Two or three times a year, Audi Chairman Franz-Josef Paefgen drives a Lamborghini Diablo to Sant' Agata Bolognese, Italy, to visit the Italian automaker's headquarters. He meets with Lamborghini Chairman Guiseppe Greco, then picks up a fresh Diablo off the assembly line, and drives it back to Munich.
Paefgen likes to portray himself as a sports-car enthusiast rather than the man who controls Lamborghini's fate. Ever since Audi AG purchased the company in 1998, Paefgen has left Italian managers in charge. A visitor can count the number of senior German executives in Bologna, on one hand.
This year, Paefgen will learn if his restraint paid off. In an ambitious effort to boost sales 400 percent, Lamborghini will add two models to its lineup. If the famed Italian automaker succeeds, its sales finally will approach 2,000 units, about half that of archrival Ferrari.
To catch Ferrari, Audi is counting on Greco, a veteran marketing guru who once worked for Ferrari. 'To take Lamborghini volumes five times up in three years will be the real challenge of my life,' the 53-year-old executive says with a gentle smile. 'Wish me luck!' Greco's plan is simple: Expand the model lineup. This summer, Lamborghini will launch its first new car - the L147 - since the Diablo in 1990. The new model will outperform the Diablo, which costs $160,000, and will cost 5 percent more, too. In 2003, Lamborghini will follow with the L140, which will compete with Ferrari's 360 Modena.
Lamborghini also will add 20 dealerships, mostly in the United States, Europe and the Persian Gulf. To sell these models, Lamborghini won't mount an ambitious advertising campaign. The company hopes to recruit buyers from an estimated group of 15,000 prospects per year. To appeal to them, Lamborghini will create a second one-make racing series for the L140, a series to be patterned after its Diablo GTR Supertrophy.
After the models are introduced, Lamborghini expects the United States to account for 30 percent of its sales, while Europe will deliver 40 percent. Outside of those markets, Lamborghini hopes to expand in Australia and Japan.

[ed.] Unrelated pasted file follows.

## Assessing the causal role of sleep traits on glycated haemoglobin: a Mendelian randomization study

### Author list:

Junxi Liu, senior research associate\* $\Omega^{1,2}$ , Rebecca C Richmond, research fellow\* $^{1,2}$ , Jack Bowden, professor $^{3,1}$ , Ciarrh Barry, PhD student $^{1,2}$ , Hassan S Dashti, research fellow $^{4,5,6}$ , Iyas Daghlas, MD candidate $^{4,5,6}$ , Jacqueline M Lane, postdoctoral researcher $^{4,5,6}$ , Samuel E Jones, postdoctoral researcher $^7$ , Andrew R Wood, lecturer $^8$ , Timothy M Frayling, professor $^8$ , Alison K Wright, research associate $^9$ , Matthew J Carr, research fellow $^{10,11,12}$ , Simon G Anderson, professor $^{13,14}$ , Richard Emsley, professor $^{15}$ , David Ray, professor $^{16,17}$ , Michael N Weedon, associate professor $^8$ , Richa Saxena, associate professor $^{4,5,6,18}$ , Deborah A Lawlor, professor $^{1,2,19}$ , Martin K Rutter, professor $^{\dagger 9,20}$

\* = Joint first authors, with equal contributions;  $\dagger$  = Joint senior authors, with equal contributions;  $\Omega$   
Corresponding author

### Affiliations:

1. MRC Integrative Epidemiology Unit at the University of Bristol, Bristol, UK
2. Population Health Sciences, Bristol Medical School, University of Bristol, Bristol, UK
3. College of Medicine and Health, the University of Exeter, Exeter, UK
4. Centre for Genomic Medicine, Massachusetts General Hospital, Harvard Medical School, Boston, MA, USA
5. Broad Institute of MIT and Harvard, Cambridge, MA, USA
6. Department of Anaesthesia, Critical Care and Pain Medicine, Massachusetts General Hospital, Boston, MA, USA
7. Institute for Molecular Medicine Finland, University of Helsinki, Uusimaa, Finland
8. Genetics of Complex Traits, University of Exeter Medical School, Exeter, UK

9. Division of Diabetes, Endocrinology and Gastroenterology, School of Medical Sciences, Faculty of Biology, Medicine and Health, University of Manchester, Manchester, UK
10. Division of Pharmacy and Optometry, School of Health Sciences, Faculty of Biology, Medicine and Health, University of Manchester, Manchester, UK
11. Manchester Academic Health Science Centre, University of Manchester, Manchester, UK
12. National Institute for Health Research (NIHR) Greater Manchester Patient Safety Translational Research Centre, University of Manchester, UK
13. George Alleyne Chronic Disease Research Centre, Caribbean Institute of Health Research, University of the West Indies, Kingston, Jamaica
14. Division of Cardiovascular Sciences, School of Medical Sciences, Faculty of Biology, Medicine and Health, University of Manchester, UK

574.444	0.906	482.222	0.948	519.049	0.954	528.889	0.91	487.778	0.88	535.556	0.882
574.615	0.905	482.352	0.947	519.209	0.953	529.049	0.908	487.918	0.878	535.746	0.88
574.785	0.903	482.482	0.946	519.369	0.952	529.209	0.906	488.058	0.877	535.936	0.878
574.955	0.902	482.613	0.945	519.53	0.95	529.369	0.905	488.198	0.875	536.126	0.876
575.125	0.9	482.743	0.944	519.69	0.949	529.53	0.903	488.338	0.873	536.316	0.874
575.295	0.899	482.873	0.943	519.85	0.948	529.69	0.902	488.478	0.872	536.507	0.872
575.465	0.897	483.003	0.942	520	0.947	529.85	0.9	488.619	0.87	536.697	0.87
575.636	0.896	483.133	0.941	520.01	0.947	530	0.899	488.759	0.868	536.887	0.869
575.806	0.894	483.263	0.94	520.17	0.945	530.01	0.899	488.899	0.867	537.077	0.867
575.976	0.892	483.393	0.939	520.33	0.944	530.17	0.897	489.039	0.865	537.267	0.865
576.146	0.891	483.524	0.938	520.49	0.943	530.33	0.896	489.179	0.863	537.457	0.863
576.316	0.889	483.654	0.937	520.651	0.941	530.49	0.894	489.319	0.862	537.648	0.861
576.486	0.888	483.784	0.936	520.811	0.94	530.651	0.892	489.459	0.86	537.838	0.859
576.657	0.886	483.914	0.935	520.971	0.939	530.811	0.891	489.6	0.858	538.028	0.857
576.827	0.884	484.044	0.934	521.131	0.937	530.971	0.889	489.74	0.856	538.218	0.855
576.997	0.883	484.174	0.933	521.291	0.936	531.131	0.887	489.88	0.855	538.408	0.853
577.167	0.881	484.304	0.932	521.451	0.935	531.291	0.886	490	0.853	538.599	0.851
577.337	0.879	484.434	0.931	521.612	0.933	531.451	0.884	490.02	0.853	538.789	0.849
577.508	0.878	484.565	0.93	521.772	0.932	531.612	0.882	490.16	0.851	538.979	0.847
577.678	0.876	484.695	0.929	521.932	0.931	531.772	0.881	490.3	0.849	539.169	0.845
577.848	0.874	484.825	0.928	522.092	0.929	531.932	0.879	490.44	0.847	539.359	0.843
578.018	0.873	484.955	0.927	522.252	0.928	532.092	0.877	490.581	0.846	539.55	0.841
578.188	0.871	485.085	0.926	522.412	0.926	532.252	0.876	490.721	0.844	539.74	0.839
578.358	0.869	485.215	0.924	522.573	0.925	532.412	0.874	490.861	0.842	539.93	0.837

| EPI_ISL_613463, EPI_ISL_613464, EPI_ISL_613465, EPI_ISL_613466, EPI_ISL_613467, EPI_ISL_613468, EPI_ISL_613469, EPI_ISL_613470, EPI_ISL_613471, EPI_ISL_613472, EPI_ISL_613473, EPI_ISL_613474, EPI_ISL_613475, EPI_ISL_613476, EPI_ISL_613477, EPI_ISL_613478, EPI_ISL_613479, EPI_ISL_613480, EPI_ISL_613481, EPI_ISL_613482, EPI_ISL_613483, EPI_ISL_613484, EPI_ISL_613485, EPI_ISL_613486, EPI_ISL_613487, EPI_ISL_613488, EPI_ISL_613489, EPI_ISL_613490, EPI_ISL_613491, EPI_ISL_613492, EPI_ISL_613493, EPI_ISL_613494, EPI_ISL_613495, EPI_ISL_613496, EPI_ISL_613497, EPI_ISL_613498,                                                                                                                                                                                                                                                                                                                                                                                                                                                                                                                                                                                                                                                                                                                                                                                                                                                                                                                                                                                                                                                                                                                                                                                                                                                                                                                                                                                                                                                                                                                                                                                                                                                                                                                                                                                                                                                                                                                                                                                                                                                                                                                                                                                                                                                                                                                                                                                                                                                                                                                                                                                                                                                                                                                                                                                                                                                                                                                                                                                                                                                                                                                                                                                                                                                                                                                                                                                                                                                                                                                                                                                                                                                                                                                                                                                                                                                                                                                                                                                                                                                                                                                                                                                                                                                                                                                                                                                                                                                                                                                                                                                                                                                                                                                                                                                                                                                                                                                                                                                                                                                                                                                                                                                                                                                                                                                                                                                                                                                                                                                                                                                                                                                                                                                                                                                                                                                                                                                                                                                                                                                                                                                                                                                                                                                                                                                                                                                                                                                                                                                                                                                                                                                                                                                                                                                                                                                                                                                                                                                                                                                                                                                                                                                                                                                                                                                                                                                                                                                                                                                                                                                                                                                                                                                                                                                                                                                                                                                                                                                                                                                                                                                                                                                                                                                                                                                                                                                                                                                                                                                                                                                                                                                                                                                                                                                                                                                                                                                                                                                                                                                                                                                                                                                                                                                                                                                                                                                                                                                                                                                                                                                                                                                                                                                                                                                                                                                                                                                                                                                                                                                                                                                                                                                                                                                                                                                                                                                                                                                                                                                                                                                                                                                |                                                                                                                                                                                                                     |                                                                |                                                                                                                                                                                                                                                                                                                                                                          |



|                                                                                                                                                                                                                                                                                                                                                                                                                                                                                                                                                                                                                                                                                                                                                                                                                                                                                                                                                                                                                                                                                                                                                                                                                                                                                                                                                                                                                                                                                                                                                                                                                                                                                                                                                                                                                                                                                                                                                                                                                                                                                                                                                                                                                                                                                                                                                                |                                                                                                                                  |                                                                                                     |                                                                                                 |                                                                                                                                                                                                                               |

Until recently, the man who must carry out this ambitious plan enjoyed the carefree life of a luxury car dealer in prosperous Texas. Greco is a 30-year veteran of the auto industry, having worked for Fiat, Alfa Romeo, Ferrari and others. His biggest achievement? He managed to boost Fiat Venezuela's annual production from 3,000 units up to 10,000 in only two years.
Although he studied political science at the University of Naples, Greco never entered politics. Greco began his automotive career in 1970 at Fiat Auto headquarters in Turin, Italy, working in sales and marketing. After assignments in Canada, Venezuela, the United States and the Netherlands, he was named president of Ferrari North America. The job came at a difficult time for Ferrari. The Italian automaker continued to ship cars to the United States even as the recession of 1991 reduced demand. Greco frowns at the thought. 'It was a real nightmare. We didn't even have the space to store all the unsold cars.'
After enduring the U.S. recession, Greco returned to Ferrari headquarters to open subsidiaries in Switzerland and Germany. His wife, Pia, did not like Maranello, Italy, a tiny, agricultural town near Modena. Pia wanted to return to the United States, and in 1995, Greco agreed. This time, he decided to run a car dealership in Corpus Christi, Texas. His brands: Porsche, BMW and Volkswagen. In contrast to his days at Fiat, he had time to enjoy his family and hobbies.
Then, in the spring of 1999, Greco got a phone call from a European recruiter. 'Are you interested in running Bugatti?'